The tools themselves are weak, chaotic in application, and provide limited industry complexity or control.

Woosley explained that the real impact of those tools is to "serve as a feckless fig-leaf" allowing those same dominant players to make a claim that they’re doing their level best and that it is actually those industry regulators and overseers who are the real villains.

Overall, Woosley said the need to use identity in marketing, which is critical for nearly all modern marketing, is not an issue for the dominant players. Instead, these changes mainly affect the rest of the digital media industry, including Facebook which expects its revenue to be impacted this year. Meta's CFO Dave Wehner said during a recent financial call that the impact of iOS overall is a headwind to its business this year. "It’s on the order of US$10 billion, so it’s a pretty significant headwind for our business," he added.

"I think what the industry needs to pay attention to is that Apple and Google have an authenticated relationship with you. These companies ever and always know who you are while you are using their products," he said. 

While the writing is on the wall for the targeted ad industry, it remains to be seen how Google's proposed changes will come together. According to Tammy Parker, principal analyst at data and analytics company, GlobalData, this is especially as Google tries to delicately balance privacy demands with the needs of advertisers, which drive its advertising-based business model.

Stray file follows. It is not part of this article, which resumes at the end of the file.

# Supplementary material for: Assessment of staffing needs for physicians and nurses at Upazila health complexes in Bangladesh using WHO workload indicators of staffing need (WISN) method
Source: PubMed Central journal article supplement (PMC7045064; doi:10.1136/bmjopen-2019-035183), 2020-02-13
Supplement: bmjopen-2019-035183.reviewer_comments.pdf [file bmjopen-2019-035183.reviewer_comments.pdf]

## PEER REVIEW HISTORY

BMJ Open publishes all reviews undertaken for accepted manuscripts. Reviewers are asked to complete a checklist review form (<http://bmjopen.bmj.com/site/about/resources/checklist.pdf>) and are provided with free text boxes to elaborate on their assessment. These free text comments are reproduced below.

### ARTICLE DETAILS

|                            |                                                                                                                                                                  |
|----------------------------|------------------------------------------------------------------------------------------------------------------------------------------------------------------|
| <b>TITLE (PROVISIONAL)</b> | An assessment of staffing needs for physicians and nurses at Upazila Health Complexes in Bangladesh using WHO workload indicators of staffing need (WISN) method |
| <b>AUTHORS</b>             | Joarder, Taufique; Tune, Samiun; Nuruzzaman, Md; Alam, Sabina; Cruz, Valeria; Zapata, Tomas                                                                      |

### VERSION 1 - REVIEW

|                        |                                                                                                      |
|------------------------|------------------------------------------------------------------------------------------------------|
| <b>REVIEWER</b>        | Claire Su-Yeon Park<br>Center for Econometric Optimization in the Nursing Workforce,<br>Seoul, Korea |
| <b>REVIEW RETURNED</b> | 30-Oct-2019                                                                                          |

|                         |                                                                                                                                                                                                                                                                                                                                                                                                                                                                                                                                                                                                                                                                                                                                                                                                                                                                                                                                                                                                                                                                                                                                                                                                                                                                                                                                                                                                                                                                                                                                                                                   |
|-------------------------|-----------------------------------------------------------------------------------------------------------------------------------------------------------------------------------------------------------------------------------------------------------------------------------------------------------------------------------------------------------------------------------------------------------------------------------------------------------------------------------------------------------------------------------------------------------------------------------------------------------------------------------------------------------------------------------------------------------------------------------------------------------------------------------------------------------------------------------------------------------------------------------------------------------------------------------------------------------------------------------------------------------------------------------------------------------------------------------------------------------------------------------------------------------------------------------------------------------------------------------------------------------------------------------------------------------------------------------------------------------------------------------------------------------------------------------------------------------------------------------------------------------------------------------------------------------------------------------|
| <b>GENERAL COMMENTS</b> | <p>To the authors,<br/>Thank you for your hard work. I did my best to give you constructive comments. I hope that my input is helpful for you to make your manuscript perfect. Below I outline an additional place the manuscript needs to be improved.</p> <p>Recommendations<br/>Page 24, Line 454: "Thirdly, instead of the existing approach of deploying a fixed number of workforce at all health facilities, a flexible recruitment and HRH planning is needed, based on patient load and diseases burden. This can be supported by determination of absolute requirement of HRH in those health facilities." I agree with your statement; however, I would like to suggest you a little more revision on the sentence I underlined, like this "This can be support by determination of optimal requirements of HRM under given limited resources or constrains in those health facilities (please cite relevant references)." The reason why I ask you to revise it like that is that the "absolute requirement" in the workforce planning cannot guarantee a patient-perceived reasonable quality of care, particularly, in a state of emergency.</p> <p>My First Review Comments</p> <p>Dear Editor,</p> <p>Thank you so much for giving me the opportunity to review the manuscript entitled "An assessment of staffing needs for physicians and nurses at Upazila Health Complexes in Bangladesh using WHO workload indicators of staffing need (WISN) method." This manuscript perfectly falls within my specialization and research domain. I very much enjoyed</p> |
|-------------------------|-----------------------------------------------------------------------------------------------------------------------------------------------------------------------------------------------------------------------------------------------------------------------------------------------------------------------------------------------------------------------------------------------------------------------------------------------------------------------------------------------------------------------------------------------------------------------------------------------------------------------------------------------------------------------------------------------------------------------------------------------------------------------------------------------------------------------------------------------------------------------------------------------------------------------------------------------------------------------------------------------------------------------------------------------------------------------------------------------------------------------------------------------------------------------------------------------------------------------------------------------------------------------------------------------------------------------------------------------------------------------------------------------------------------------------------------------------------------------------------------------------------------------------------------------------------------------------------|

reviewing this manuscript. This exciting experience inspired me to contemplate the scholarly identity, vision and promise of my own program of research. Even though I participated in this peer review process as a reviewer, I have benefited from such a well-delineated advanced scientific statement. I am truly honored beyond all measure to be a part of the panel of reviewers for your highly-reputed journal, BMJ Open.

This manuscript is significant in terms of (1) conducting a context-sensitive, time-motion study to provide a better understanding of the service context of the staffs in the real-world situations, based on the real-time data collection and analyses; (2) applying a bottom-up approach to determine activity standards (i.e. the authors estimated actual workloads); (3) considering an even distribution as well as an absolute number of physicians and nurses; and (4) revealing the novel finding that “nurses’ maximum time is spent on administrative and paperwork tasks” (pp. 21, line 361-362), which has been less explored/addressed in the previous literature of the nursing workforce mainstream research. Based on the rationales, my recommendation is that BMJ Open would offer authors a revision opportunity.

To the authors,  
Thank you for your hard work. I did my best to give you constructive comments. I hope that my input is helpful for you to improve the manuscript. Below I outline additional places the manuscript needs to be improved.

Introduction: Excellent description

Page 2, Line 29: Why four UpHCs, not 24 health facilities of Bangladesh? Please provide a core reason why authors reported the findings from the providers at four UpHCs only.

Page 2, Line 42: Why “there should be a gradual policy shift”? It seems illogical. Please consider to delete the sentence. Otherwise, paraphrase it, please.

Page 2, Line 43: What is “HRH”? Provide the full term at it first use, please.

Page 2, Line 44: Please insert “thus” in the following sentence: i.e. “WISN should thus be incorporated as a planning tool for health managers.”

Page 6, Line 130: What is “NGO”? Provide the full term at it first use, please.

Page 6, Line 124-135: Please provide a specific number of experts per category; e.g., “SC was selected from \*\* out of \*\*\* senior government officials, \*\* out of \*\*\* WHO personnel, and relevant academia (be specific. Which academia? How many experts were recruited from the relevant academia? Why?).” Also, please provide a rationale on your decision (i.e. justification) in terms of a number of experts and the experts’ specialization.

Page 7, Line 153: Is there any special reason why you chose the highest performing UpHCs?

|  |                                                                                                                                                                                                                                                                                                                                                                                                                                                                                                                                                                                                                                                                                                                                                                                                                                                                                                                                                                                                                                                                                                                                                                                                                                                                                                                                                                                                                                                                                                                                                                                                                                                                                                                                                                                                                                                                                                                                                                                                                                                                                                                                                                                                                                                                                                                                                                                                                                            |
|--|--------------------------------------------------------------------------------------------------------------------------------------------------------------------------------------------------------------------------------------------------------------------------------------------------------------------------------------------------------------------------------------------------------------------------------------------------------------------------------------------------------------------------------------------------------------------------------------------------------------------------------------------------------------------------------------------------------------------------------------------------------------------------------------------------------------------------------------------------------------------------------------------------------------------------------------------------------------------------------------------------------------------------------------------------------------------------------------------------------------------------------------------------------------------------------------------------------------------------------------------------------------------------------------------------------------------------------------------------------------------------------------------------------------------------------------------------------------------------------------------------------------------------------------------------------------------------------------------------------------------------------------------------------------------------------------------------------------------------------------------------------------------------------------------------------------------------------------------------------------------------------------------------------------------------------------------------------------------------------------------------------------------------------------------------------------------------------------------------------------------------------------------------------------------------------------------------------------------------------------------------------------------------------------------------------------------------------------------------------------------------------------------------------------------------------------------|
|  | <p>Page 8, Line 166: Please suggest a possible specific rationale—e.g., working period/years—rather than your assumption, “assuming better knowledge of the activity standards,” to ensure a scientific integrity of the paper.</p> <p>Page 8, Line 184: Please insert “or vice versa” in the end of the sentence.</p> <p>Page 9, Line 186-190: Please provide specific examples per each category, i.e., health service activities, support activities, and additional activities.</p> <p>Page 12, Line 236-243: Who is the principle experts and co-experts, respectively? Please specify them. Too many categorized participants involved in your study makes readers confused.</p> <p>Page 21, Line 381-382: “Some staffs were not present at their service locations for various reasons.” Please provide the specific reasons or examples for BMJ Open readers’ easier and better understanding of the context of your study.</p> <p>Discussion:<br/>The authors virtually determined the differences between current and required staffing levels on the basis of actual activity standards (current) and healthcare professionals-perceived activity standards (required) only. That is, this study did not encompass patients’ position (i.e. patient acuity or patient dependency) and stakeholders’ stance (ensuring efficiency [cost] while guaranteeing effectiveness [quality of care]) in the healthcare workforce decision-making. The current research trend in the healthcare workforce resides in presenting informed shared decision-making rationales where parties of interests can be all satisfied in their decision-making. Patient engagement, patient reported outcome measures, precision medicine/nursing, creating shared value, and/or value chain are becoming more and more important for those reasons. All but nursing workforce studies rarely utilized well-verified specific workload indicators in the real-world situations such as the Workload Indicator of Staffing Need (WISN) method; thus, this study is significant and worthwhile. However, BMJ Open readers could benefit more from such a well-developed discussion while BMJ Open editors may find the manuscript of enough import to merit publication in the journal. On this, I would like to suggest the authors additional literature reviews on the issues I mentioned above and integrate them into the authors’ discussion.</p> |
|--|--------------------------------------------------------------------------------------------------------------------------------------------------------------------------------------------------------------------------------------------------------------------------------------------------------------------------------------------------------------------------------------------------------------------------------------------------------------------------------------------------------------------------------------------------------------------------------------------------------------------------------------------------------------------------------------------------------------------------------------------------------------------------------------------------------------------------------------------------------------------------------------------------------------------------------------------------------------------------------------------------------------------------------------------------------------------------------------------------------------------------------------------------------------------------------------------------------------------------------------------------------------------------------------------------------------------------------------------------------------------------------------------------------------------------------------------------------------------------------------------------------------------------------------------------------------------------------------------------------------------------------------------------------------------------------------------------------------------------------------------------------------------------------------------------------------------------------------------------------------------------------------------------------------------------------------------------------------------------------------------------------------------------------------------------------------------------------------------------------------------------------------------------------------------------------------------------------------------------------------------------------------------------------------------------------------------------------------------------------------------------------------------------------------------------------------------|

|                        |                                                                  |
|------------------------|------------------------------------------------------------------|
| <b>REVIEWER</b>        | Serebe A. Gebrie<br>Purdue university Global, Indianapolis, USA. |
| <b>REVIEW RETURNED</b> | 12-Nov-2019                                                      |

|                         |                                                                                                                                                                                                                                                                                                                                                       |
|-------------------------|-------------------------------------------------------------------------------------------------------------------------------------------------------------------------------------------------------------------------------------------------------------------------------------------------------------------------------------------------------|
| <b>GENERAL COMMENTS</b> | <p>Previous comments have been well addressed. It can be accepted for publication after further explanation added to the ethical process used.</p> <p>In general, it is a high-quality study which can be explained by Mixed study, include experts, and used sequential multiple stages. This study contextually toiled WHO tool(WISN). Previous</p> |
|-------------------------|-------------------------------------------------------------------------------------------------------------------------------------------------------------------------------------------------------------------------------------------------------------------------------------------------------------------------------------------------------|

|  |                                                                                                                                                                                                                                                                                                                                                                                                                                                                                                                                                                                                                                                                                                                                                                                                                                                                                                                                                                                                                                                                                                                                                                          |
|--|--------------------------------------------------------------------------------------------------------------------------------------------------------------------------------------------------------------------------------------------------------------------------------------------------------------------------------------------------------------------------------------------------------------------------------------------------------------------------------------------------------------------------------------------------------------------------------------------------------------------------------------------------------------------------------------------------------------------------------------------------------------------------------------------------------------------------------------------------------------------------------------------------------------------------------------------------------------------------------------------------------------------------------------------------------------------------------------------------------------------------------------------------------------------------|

While Google is not adopting a "scorched-earth approach" with its privacy efforts like Apple, Parker said the former's pledge to support existing ads platform features for at least two years may be too long for some privacy advocates.

According to her, Google’s efforts to have its cake and eat it too by improving both mobile and web privacy while seeking to enable advertisers, publishers, developers and others to continue engaging in limited though apparently still targeted advertising, could end up pleasing no one. "Privacy advocates [are] likely to cast a raised eyebrow at any advertising solutions deemed to fall short of protecting consumers," she added.

Less of an impact compared to Apple's move

While Google is indeed following in Apple's footsteps, Serm Teck Choon, co-founder and CEO of Antsomi, does not foresee Google's Privacy Sandbox to impact the ad industry as drastically as Apple's App Tracking Transparency framework. The main revenue of Google's parent company, Alphabet, still comes from advertising. In fact, Alphabet's ad revenue for Q4 2021 was US$61.23 billion, up from US$46.19 billion the same period last year. Google Search took home the lion's share (US$43.30 billion) followed by Google Network (US$9.3 billion) and YouTube ads (US$8.63 billion).

With its vested interest, Serm explained that Google will definitely strike the balance between its business model and regulation or antitrust while working out the initiative’s final version. "The final outcome is still unclear as the key items such as Topics API that enable interest-based ads personalisation without relying on user-level identifiers are still at their design proposal stage," he added.

Nonetheless, he is not surprised to see Google making this move and pointed out what whatever is and will be implemented on Apple iOS and Google Android will have an impact on the industry as these two platforms "conquer the mobile world". "Having said that, that also explains why Facebook is so eager to build its metaverse in hopes that it can create another new platform in the future of digital, and it does not need to rely on other platforms," he said.

Photo courtesy: 123RF

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Google's new substitute for cookies: What do Topics spell for the industry?
Analysis: Will Google's FLoC proposal be yet another walled garden?
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Analysis: ID that binds the industry: Impact of iOS 14 privacy efforts on brands